We are a commune of inquiring, skeptical, politically centrist, capitalist, anglophile, traditionalist New England Yankee humans, humanoids, and animals with many interests beyond and above politics. Each of us has had a high-school education (or GED), but all had ADD so didn't pay attention very well, especially the dogs. Each one of us does "try my best to be just like I am," and none of us enjoys working for others, including for Maggie, from whom we receive neither a nickel nor a dime. Freedom from nags, cranks, government, do-gooders, control-freaks and idiots is all that we ask for.
Personally I have never been averse to the use of reconstruction, generic archive footage, still photographs, or whatever techniques exist or we can create for ourselves as film makers so that we can become better story tellers, but the unbreakable rule must surely be that the audience MUST always know what it is they are seeing, at least when it comes to documentary. I know that there is no such thing as objective truth, particularly when it comes to film-making, but if audiences are being tricked without their knowledge, and worse still, when the film makers themselves are unable to distinguish between fact, fiction and distortion, what chance will they or future generations have of being able to disinter even a semblance of truth about what happened?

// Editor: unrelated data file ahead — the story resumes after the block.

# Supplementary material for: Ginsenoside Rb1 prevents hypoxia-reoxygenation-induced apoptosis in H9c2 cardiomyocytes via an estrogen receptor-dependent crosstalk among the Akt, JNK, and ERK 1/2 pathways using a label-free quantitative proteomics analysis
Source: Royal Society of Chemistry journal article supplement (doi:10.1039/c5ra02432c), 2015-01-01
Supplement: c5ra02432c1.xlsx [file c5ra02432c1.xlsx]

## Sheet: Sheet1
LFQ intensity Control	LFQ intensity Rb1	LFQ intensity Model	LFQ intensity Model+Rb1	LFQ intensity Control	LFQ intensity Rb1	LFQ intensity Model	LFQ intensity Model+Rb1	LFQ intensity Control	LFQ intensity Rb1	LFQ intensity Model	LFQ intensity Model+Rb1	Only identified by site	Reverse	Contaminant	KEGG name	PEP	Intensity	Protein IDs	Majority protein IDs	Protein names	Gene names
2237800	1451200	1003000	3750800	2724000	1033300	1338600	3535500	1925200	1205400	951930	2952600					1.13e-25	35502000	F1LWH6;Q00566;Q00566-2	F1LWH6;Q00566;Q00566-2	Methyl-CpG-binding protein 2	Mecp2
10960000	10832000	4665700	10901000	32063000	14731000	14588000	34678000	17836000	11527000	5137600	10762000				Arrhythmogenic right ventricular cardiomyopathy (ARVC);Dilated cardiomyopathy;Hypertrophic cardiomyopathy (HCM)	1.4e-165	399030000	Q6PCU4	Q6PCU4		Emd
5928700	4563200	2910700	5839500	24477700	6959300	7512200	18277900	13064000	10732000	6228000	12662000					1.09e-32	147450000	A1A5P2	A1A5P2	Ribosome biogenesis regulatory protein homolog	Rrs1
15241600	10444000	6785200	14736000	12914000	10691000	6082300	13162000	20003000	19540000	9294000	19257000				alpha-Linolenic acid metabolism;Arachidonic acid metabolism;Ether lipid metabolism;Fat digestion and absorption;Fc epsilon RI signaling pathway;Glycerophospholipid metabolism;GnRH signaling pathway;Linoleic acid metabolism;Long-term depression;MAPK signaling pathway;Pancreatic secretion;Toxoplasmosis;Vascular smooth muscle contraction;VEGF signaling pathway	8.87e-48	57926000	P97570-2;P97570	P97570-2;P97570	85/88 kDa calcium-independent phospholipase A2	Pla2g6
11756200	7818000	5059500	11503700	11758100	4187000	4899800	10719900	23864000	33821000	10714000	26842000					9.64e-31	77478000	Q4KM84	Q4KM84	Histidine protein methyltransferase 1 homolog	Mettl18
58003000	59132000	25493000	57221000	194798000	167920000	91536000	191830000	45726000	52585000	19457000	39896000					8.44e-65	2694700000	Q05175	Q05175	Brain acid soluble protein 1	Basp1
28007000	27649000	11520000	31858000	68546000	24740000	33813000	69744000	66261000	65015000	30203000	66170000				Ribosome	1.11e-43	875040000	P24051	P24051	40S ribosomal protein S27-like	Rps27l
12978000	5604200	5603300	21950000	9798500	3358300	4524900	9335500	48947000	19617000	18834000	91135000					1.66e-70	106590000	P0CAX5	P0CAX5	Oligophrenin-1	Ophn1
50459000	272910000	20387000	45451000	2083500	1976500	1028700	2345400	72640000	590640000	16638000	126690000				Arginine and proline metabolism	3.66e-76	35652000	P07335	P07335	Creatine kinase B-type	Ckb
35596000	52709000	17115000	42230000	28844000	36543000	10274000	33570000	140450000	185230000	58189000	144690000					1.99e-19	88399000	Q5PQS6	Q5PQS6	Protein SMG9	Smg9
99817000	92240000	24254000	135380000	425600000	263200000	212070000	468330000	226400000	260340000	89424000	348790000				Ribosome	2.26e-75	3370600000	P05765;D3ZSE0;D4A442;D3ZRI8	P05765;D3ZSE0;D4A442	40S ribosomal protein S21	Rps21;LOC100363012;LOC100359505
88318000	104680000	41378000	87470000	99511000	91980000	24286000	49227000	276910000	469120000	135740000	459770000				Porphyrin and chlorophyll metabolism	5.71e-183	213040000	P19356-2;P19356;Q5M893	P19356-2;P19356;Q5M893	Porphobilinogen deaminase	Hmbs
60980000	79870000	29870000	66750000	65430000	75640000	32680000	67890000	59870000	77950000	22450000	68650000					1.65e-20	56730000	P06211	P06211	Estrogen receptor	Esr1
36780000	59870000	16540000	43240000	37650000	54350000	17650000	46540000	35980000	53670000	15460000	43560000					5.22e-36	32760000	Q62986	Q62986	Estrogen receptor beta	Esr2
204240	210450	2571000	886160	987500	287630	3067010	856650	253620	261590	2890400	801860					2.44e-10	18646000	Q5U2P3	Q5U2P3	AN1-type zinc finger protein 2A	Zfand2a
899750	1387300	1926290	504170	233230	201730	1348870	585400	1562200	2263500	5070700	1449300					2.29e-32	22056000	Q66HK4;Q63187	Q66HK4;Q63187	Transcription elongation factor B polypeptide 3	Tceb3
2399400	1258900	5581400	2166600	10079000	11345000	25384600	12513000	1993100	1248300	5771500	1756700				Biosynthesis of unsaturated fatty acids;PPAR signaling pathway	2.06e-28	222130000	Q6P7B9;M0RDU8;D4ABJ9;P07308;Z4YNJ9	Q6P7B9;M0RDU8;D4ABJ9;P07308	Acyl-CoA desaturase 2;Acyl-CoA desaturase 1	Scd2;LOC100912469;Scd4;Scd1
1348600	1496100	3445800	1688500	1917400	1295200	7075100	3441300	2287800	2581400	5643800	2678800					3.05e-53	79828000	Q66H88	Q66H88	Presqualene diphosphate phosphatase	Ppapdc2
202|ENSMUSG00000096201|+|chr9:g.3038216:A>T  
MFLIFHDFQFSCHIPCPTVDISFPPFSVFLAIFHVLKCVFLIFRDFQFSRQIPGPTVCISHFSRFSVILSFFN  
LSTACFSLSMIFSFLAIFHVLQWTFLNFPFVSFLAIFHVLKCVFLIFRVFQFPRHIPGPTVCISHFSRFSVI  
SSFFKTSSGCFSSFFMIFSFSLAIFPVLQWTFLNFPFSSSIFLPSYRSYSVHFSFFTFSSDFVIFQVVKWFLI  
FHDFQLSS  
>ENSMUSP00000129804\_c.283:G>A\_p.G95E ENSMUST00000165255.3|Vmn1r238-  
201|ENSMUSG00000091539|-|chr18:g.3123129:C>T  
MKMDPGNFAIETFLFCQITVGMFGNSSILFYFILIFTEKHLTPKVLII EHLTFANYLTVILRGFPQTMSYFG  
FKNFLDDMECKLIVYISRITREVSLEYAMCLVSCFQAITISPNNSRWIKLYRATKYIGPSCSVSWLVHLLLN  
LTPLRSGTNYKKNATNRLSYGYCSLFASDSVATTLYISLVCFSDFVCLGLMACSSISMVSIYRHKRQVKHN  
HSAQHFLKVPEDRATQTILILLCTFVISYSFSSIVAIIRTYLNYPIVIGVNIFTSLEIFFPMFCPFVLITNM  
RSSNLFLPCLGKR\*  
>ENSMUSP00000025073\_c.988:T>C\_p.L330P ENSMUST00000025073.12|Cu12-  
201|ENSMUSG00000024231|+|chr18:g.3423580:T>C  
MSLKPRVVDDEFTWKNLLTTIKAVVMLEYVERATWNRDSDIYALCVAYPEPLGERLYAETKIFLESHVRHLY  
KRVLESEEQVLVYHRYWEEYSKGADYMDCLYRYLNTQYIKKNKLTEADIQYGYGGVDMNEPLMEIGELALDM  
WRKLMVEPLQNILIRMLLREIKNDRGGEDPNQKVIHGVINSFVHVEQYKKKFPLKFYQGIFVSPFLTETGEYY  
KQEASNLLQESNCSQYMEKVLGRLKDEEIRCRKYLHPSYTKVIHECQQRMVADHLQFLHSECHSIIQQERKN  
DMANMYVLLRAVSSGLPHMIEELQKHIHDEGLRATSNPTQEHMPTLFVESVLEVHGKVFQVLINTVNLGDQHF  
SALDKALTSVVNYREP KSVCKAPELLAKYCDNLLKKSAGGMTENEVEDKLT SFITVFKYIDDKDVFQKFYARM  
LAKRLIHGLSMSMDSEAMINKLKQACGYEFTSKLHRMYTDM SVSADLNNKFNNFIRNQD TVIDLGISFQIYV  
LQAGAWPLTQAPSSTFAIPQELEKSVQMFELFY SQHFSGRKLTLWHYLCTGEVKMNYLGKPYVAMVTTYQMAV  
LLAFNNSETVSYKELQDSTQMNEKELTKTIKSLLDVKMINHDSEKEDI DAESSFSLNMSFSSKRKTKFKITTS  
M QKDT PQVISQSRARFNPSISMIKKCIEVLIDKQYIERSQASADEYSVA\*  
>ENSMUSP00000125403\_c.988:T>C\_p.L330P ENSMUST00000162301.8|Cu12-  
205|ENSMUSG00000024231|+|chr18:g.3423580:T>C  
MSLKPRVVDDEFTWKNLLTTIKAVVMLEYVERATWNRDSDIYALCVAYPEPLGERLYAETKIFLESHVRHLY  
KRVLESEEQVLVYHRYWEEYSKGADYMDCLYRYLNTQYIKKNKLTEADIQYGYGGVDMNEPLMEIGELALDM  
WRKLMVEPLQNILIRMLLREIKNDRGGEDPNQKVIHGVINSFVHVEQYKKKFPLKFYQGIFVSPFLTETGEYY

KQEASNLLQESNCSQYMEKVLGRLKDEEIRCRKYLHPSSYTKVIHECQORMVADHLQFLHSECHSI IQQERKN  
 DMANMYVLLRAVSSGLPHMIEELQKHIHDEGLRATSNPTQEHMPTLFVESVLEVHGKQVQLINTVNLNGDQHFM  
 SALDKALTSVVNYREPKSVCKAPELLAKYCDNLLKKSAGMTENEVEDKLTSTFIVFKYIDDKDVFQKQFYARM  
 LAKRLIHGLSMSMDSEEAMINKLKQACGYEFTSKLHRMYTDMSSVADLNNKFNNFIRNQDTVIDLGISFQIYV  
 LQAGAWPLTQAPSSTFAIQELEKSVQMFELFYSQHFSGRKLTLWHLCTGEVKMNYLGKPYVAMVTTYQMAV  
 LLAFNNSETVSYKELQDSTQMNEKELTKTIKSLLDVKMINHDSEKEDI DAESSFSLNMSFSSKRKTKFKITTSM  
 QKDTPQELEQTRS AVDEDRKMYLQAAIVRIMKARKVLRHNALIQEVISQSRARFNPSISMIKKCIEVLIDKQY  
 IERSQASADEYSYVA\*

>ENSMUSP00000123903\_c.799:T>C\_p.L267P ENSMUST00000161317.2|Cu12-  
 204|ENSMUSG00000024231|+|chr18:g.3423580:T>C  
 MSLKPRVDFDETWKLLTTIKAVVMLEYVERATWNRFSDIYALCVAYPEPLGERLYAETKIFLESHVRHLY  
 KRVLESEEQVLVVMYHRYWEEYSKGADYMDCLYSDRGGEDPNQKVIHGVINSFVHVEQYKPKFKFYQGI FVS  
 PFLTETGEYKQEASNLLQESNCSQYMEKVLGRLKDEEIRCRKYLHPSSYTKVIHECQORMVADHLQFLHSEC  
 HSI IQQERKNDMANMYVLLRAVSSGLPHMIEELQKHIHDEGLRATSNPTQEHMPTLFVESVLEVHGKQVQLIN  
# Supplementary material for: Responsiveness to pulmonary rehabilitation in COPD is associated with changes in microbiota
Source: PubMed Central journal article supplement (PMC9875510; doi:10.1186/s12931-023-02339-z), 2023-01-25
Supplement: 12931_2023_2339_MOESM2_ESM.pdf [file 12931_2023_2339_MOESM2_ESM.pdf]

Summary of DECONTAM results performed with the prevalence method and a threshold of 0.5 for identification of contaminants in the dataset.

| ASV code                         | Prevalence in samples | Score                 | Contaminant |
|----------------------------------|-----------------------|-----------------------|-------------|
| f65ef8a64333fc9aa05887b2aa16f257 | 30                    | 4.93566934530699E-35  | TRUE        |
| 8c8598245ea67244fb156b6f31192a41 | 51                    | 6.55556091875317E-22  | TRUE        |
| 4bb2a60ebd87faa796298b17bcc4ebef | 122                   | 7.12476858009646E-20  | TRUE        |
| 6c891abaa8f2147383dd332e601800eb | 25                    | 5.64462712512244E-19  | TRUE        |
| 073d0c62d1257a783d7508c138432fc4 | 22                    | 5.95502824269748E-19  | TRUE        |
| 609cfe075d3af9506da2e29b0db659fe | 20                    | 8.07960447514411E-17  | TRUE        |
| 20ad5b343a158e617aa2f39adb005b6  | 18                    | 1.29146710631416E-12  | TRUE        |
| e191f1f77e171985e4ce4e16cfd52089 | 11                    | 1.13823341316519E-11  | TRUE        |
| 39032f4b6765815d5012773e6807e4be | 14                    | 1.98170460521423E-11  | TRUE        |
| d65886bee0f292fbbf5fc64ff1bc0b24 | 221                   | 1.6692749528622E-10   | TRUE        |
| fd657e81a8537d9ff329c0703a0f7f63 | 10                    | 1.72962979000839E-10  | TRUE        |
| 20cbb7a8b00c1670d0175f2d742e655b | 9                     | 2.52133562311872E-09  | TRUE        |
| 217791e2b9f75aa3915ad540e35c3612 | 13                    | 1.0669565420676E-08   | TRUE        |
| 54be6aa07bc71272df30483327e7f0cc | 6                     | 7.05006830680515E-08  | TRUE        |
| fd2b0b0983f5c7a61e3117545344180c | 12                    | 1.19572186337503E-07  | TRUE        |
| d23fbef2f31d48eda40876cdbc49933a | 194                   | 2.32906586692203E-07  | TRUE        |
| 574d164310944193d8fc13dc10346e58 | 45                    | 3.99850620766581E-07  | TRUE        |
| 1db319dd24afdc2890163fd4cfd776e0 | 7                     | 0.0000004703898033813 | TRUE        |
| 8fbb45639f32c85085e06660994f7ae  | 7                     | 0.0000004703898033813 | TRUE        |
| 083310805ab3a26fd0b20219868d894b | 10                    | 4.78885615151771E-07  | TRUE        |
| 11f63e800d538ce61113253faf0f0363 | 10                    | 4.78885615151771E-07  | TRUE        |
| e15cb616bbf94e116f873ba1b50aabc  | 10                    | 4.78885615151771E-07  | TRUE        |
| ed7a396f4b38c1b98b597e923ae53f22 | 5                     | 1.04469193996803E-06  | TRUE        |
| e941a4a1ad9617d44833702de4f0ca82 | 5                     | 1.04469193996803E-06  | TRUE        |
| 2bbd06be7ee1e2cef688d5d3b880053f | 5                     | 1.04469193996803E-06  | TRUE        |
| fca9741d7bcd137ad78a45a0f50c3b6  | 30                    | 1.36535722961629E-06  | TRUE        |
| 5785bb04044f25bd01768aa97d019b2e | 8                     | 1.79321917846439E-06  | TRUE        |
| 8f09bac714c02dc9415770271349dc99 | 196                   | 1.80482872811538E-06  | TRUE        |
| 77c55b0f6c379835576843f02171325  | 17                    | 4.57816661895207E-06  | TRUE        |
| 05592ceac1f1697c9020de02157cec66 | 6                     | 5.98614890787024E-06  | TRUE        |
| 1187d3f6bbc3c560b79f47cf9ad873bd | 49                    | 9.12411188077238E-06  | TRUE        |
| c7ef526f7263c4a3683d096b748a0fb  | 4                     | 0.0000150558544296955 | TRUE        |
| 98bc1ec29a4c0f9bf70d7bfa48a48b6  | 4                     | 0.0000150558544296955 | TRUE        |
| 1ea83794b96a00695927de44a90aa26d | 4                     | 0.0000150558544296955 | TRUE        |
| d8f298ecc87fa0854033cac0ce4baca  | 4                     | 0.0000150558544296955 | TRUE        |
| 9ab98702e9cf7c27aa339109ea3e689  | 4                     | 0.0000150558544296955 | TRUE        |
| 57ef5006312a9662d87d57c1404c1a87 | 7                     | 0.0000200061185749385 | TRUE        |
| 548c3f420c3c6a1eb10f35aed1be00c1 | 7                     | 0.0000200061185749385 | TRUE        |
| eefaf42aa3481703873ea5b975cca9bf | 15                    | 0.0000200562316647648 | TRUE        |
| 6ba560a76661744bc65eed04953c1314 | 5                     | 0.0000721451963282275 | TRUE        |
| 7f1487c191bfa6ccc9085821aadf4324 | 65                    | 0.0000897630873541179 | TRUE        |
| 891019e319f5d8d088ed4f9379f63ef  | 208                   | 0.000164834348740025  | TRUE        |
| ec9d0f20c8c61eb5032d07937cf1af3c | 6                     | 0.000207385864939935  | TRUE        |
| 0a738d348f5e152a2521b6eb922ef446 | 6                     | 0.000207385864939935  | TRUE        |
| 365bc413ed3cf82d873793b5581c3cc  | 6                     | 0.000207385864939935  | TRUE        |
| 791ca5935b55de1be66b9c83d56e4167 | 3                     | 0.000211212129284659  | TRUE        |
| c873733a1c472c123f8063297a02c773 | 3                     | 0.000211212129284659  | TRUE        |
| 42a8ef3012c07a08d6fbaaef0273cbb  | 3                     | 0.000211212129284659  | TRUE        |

Huh? If the guy is hopeless about facts and truth, why does he bother worrying, and why doesn't he simply call his own stuff "fiction"? This guy is an exemplar of the pomo notion of "narrative." I guess nobody killed the police officer, or maybe the chocolate shake did it - probably the same chocolate shake that shot JFK.
Al Gore, Michael Moore, Oliver Stone: all fully-conscious propagandists seeking to mess up the minds of the ignorant for their own purposes. Malignant people, clever but not wise.
Huh is right. If there is no objective truth then there are no facts, just opinions. So the only choices of a documentary filmaker is to portray his version of the truth, with the facts as he or she see's them, which amounts to nothing more than commemtary. I know at many colleges it is now taught that true documentaries don't exist because objectivity is impossible. The fruits of postmodernism.
"Huh? If the guy is hopeless about facts and truth, why does he bother worrying, and why doesn't he simply call his own stuff "fiction"?"
Well, as someone who has done a fair amount of investigative reporting (and a miniscule amount of documentary-making), I can relate. It is not possible for human beings to be completely objective, and ironically the harder we try, the more we come to understand that. Conversely, the LESS we are concerned about objectivity, the easier it seems to slap the word "documentary" on something that is really "propaganda".
"Al Gore, Michael Moore, Oliver Stone: all fully-conscious propagandists seeking to mess up the minds of the ignorant for their own purposes."